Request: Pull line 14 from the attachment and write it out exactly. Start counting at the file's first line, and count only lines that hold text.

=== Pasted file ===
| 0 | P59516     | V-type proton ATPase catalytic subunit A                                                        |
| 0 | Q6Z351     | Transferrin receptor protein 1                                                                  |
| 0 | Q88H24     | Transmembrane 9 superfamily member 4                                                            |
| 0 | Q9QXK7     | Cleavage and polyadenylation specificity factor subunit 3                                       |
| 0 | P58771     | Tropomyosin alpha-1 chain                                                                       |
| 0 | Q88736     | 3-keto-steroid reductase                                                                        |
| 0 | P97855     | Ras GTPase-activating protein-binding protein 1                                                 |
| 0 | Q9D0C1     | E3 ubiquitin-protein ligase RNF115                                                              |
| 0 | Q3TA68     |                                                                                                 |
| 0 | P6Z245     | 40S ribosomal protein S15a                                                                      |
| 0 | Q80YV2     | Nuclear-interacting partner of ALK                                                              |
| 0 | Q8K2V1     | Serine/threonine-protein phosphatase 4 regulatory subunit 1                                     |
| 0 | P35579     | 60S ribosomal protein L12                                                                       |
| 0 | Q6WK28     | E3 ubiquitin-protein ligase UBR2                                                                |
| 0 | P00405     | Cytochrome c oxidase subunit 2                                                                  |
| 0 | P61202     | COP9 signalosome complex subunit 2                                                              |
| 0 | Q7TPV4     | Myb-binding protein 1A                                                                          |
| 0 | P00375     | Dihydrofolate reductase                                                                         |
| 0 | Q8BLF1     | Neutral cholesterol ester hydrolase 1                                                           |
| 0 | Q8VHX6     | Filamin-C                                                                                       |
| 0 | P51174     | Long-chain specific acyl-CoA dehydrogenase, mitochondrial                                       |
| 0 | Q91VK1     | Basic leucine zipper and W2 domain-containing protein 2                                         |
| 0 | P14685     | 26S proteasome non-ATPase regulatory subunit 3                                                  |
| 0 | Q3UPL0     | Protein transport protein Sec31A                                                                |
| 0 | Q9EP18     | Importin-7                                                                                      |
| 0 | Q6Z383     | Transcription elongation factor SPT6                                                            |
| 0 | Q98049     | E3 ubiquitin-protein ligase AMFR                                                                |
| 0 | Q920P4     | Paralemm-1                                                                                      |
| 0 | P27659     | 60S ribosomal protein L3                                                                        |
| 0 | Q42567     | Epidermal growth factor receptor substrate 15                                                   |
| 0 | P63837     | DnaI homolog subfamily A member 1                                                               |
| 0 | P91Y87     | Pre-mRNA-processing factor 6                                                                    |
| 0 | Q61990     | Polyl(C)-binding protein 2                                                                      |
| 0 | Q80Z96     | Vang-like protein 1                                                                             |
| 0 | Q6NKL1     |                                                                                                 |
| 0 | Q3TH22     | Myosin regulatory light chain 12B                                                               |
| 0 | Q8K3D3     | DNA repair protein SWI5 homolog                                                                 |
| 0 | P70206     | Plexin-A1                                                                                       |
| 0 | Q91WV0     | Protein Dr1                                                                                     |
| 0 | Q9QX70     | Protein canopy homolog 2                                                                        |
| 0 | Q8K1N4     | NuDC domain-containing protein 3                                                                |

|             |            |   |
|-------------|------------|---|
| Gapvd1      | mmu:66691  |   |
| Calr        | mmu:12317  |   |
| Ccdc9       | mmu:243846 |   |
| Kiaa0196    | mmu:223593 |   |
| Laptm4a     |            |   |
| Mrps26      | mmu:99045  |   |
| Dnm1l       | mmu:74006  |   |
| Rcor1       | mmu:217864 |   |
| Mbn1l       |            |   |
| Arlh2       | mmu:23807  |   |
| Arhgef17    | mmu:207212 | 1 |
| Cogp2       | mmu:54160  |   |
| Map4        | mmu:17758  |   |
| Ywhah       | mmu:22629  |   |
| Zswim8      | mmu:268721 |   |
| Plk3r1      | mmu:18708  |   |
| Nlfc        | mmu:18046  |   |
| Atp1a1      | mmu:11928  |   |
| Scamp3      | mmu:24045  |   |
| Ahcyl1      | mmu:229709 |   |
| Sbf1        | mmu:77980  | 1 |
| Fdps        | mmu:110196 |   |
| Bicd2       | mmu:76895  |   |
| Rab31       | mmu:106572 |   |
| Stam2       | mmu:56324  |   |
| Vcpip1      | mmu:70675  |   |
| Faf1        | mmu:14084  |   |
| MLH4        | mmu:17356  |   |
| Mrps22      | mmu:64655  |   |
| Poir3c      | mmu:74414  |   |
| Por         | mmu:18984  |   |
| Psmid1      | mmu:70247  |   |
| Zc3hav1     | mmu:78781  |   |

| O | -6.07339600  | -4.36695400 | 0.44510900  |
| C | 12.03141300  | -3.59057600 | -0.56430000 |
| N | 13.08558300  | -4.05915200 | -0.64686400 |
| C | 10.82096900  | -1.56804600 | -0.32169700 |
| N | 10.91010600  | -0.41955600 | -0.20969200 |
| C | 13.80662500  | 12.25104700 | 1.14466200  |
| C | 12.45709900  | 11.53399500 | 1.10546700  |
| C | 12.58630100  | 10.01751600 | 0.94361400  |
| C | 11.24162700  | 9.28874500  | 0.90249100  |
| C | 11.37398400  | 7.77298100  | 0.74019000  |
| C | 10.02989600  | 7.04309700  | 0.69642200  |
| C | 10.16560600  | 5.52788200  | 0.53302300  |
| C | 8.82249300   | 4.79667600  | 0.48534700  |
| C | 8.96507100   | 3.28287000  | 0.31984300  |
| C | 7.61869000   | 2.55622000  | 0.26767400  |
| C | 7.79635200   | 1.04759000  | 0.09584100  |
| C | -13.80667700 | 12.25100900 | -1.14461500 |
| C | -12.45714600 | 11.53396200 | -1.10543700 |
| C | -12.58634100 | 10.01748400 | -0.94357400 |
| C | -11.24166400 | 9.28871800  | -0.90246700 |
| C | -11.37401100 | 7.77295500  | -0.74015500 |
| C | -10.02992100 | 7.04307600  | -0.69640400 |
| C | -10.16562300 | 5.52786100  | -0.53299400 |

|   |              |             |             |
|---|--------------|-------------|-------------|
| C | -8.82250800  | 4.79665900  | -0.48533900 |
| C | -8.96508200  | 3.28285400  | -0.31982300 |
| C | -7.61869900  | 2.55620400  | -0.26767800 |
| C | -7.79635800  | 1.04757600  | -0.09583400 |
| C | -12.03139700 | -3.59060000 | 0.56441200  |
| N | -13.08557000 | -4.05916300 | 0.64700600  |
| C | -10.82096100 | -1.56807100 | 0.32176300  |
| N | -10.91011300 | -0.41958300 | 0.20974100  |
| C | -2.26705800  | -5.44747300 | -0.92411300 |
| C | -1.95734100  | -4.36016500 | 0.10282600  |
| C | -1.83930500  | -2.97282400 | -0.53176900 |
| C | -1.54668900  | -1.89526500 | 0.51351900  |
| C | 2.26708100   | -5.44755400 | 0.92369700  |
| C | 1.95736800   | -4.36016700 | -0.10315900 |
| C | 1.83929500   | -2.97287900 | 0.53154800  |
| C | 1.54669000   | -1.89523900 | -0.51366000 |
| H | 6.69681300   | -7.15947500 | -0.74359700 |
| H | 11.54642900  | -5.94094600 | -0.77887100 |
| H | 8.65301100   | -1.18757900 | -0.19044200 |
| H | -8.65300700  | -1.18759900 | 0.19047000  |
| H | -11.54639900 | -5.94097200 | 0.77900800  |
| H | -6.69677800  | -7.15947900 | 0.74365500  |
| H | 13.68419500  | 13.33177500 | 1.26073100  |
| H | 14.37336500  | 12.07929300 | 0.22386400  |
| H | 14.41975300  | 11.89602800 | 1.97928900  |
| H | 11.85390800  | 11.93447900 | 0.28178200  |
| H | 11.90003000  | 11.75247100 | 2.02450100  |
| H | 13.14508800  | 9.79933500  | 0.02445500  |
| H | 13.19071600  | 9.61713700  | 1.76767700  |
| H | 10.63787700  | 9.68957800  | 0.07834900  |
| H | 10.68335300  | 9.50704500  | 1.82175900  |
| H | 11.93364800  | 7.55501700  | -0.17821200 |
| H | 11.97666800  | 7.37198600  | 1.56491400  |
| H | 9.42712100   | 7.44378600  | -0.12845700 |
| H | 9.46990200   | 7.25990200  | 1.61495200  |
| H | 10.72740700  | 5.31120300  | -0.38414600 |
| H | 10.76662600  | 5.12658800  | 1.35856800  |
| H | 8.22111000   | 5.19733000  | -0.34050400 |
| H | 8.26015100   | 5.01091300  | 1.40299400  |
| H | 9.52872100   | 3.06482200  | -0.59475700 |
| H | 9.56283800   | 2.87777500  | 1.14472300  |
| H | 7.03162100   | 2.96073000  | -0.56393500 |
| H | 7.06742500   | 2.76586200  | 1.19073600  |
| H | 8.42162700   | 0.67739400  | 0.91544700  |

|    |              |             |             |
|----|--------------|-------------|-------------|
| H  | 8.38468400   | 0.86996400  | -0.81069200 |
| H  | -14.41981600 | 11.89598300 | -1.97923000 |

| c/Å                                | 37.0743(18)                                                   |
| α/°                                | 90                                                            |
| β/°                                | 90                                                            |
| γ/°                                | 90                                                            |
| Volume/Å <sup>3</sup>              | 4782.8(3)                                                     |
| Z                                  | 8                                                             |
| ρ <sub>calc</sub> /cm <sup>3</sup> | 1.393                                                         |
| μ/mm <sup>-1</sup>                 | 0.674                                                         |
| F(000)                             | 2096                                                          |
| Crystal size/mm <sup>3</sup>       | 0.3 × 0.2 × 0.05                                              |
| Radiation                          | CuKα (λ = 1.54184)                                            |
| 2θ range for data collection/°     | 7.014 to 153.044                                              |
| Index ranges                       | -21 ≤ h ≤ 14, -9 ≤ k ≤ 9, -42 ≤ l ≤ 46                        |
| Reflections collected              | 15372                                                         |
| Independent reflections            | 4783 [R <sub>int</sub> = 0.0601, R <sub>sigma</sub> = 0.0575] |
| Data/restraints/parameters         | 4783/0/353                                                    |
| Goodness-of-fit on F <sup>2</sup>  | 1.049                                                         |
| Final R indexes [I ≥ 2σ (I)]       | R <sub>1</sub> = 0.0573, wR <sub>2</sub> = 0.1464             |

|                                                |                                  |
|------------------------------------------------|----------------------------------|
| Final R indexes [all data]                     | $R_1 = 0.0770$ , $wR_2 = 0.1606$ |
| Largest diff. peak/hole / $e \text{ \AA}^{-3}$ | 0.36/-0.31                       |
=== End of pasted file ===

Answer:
| 0 | Q6WK28     | E3 ubiquitin-protein ligase UBR2                                                                |